My endeavor to fill in these gaps in knowledge about Lady Dalhousie began with the published record. The few references to Lady Dalhousie in readily available print sources shed some light on her character and interests, but not on her reading in particular. She appears briefly, as a cheerful and beloved presence, in her husband’s diaries of his years of difficult leadership in British North America (published 1978–1982). She can be glimpsed, too, in René Villeneuve’s groundbreaking catalogue Lord Dalhousie: Patron and Collector (2008), which establishes the earl’s importance as the first patron of the arts in Canada. Villeneuve reproduces a delicate watercolor portrait of the countess created by William Douglas in 1816—the year of the Dalhousies’ departure for North America—that shows her with her youngest son, James. Douglas also depicted the earl in a separate, complementary work.
In his North American diaries, Lord Dalhousie mentions the countess’s interest in botanical collecting, the achievement for which she is best remembered today, and for which she was honored in her lifetime. An intact collection of Canadian plants formed by Lady Dalhousie, along with a catalogue list in her handwriting, is now in the holdings of the Royal Botanic Garden in Hamilton, Ontario.2 Also surviving is a portfolio of the countess’s lively watercolor depictions of Halifax social life, which was acquired by the Nova Scotia Museum in the 1980s as part of a larger group of Dalhousie documents (Elwood).
Fortunately for us, many more sources related to the countess have survived in private hands. Her personal papers, principally letters and diaries, constitute a treasure trove of information about her reading and book ownership. Preserved among her husband’s papers are account books and library catalogues that provide further valuable context for her ownership of the American Emma.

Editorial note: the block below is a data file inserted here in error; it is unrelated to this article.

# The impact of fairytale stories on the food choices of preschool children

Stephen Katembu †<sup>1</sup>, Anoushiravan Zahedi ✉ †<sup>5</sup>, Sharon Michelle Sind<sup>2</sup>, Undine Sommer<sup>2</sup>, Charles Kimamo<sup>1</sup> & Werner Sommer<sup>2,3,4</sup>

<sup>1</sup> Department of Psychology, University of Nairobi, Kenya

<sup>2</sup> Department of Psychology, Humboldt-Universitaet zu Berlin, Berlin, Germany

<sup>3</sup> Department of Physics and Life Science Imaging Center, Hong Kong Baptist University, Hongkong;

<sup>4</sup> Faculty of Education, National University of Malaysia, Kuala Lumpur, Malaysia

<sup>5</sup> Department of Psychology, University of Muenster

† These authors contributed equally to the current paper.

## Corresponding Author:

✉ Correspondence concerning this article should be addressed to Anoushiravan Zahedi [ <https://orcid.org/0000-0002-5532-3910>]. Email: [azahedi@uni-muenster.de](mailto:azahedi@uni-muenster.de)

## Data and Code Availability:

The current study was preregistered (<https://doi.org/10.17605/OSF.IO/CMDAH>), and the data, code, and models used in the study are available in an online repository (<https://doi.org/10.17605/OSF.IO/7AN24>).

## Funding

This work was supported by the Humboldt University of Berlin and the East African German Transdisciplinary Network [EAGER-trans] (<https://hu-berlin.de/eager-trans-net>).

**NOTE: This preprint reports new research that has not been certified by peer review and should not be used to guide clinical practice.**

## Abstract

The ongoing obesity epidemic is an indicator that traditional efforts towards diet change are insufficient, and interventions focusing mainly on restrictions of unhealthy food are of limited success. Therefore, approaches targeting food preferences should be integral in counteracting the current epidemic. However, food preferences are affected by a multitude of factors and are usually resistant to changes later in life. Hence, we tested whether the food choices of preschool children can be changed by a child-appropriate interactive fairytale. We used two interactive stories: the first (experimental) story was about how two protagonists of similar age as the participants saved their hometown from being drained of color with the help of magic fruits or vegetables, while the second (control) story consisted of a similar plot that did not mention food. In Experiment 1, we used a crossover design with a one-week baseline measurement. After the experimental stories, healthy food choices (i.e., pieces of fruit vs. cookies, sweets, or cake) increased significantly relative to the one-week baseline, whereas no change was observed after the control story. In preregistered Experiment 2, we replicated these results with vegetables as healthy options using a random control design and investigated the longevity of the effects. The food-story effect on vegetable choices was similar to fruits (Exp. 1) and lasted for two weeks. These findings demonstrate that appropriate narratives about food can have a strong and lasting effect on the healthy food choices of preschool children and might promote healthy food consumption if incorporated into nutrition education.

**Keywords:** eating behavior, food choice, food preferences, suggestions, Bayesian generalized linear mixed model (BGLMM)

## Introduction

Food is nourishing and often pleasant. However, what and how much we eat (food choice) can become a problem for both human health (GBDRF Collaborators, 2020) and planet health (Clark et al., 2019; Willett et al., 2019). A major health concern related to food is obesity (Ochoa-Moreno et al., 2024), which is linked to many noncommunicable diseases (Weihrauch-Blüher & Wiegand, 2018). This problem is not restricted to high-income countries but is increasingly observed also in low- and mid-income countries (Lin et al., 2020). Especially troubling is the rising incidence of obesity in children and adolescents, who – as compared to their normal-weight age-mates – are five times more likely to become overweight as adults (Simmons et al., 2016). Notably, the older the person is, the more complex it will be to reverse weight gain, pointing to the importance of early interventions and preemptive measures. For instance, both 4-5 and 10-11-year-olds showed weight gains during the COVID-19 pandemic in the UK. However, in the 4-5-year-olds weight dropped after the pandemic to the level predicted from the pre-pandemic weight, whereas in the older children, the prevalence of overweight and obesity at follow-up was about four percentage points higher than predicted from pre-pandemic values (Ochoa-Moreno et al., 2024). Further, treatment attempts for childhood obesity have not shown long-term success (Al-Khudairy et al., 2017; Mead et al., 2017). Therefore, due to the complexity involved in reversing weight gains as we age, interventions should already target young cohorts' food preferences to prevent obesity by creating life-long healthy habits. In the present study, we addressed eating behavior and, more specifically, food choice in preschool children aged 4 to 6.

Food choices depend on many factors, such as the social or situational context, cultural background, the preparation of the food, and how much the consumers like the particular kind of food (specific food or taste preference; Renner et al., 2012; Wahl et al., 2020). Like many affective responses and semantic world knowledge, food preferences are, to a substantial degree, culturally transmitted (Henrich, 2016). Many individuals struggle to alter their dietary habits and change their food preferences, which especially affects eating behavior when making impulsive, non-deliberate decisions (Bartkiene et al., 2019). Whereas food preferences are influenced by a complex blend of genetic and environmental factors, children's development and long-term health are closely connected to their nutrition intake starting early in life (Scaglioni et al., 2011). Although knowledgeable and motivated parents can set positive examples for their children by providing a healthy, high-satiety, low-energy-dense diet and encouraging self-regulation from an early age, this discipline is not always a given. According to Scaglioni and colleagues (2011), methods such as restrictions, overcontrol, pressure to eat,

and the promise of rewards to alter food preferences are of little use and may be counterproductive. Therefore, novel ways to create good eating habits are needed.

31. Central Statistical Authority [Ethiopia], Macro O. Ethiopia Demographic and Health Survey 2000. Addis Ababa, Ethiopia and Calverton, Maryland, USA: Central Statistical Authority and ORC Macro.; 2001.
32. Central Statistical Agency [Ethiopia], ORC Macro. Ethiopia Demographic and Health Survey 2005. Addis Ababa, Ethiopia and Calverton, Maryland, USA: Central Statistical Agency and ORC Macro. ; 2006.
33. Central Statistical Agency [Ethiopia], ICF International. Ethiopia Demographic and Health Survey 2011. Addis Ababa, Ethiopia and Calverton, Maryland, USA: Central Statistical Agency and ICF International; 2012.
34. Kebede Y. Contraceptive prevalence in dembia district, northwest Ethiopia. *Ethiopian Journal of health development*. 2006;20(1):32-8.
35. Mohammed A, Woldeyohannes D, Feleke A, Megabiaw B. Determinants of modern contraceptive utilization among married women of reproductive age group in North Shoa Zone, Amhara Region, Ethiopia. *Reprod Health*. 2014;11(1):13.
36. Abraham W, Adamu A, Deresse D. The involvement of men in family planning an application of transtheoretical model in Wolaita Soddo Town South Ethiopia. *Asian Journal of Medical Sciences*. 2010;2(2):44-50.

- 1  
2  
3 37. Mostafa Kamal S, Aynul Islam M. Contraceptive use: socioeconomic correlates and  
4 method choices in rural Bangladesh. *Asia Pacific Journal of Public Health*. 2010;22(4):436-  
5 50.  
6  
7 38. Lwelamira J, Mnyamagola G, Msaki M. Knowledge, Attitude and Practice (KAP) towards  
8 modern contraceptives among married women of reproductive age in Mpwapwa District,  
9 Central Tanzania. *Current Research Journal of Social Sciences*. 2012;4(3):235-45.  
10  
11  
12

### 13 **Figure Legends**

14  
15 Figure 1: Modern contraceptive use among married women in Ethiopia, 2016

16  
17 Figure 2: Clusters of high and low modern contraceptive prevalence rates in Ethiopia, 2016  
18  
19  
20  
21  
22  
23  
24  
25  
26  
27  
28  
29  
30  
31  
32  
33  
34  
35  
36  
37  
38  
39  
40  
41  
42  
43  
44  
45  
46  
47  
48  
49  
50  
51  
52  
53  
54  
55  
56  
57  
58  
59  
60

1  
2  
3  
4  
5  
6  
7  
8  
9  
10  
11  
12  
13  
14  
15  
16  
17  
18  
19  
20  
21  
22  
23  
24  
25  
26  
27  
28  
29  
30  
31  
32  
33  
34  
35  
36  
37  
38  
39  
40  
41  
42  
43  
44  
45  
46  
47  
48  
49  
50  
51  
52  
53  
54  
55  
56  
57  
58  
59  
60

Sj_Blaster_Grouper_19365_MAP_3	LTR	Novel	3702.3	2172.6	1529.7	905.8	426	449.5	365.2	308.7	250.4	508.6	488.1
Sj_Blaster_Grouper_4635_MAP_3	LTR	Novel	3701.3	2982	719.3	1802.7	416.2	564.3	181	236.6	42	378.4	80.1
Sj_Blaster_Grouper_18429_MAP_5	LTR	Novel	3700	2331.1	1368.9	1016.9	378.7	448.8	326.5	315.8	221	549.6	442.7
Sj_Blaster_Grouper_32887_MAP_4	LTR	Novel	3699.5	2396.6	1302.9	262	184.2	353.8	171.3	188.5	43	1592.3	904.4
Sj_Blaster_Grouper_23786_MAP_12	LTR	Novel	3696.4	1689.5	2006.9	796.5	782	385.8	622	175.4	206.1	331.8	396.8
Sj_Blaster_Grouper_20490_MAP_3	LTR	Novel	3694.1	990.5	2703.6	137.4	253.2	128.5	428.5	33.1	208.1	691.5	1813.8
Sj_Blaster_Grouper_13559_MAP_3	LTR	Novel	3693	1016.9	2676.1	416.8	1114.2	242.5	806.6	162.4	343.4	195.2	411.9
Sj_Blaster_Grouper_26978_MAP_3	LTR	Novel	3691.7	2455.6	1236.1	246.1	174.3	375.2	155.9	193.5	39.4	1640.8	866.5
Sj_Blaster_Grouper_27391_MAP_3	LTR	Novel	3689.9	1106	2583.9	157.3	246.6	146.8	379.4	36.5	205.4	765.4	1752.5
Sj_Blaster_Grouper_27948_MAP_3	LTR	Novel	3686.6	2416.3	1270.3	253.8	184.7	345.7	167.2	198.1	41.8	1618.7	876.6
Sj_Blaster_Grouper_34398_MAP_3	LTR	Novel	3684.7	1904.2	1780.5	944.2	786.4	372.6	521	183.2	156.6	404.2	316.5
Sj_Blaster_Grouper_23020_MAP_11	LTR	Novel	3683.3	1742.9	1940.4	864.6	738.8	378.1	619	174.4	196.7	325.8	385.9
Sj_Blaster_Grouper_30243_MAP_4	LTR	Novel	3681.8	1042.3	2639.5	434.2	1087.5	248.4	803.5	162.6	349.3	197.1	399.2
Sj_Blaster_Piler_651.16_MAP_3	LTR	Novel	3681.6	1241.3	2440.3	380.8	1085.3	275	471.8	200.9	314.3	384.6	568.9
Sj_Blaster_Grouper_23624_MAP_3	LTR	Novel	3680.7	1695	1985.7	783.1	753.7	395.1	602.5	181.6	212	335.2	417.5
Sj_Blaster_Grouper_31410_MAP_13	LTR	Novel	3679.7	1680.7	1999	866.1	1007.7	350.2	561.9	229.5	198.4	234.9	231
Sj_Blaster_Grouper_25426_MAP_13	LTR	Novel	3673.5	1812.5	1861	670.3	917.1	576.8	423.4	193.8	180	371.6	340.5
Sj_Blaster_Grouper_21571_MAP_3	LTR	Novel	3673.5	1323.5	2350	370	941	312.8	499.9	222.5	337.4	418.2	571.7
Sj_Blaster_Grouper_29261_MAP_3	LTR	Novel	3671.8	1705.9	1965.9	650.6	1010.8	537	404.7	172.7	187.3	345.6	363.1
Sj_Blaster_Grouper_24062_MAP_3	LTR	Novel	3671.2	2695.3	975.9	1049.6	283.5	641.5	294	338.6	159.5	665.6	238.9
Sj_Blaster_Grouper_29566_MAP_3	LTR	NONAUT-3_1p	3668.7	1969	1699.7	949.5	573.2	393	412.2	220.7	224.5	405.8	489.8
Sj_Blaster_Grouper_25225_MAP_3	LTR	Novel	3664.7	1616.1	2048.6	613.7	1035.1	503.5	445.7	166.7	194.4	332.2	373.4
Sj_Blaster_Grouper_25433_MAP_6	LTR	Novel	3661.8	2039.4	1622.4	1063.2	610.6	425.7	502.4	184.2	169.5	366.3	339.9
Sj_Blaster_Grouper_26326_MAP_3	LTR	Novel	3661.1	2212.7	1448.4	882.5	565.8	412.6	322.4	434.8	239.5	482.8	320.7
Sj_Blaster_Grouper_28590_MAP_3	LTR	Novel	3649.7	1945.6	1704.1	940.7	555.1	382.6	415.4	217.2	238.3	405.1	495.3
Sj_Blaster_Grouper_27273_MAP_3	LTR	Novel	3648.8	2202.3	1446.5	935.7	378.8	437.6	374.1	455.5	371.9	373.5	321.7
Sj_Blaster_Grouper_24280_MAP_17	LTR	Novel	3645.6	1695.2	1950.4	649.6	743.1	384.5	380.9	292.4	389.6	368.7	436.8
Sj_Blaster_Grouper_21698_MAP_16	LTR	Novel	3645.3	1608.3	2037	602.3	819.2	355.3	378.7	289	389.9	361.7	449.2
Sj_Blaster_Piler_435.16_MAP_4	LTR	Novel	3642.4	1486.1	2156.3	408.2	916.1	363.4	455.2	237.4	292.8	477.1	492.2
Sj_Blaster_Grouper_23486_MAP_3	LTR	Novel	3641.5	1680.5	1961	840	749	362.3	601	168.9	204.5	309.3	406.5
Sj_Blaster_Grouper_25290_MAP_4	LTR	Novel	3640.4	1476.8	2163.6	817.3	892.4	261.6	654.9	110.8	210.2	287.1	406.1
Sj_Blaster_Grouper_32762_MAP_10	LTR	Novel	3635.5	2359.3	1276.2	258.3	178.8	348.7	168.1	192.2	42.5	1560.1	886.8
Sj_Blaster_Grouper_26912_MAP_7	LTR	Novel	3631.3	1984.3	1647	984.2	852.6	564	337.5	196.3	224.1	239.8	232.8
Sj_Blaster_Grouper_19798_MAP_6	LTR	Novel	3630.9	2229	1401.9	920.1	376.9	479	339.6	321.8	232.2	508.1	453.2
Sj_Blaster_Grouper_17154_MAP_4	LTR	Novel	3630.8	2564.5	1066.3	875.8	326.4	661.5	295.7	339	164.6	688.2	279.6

My chapter about Lady Dalhousie in Reading Austen in America presents an in-depth, chronological portrait of her as a reader, with the aid of a limited number of black-and-white illustrations. Here, I reverse the balance of words and pictures, conveying highlights of the countess’s life and reading via images of herself and of the places and people that mattered to her, as well as photographs of the key documents and artifacts that help answer our questions about her ownership of Emma.
Lady Dalhousie, née Christian Broun, was the daughter of a Scottish advocate (man of law) and grew up in comfort at Colstoun House, outside of Edinburgh. The need for funds to rebuild Colstoun after a 1907 fire likely caused the sale of valuable books from the countess’s collection, although it is not known how exactly Emma made its way to Salisbury.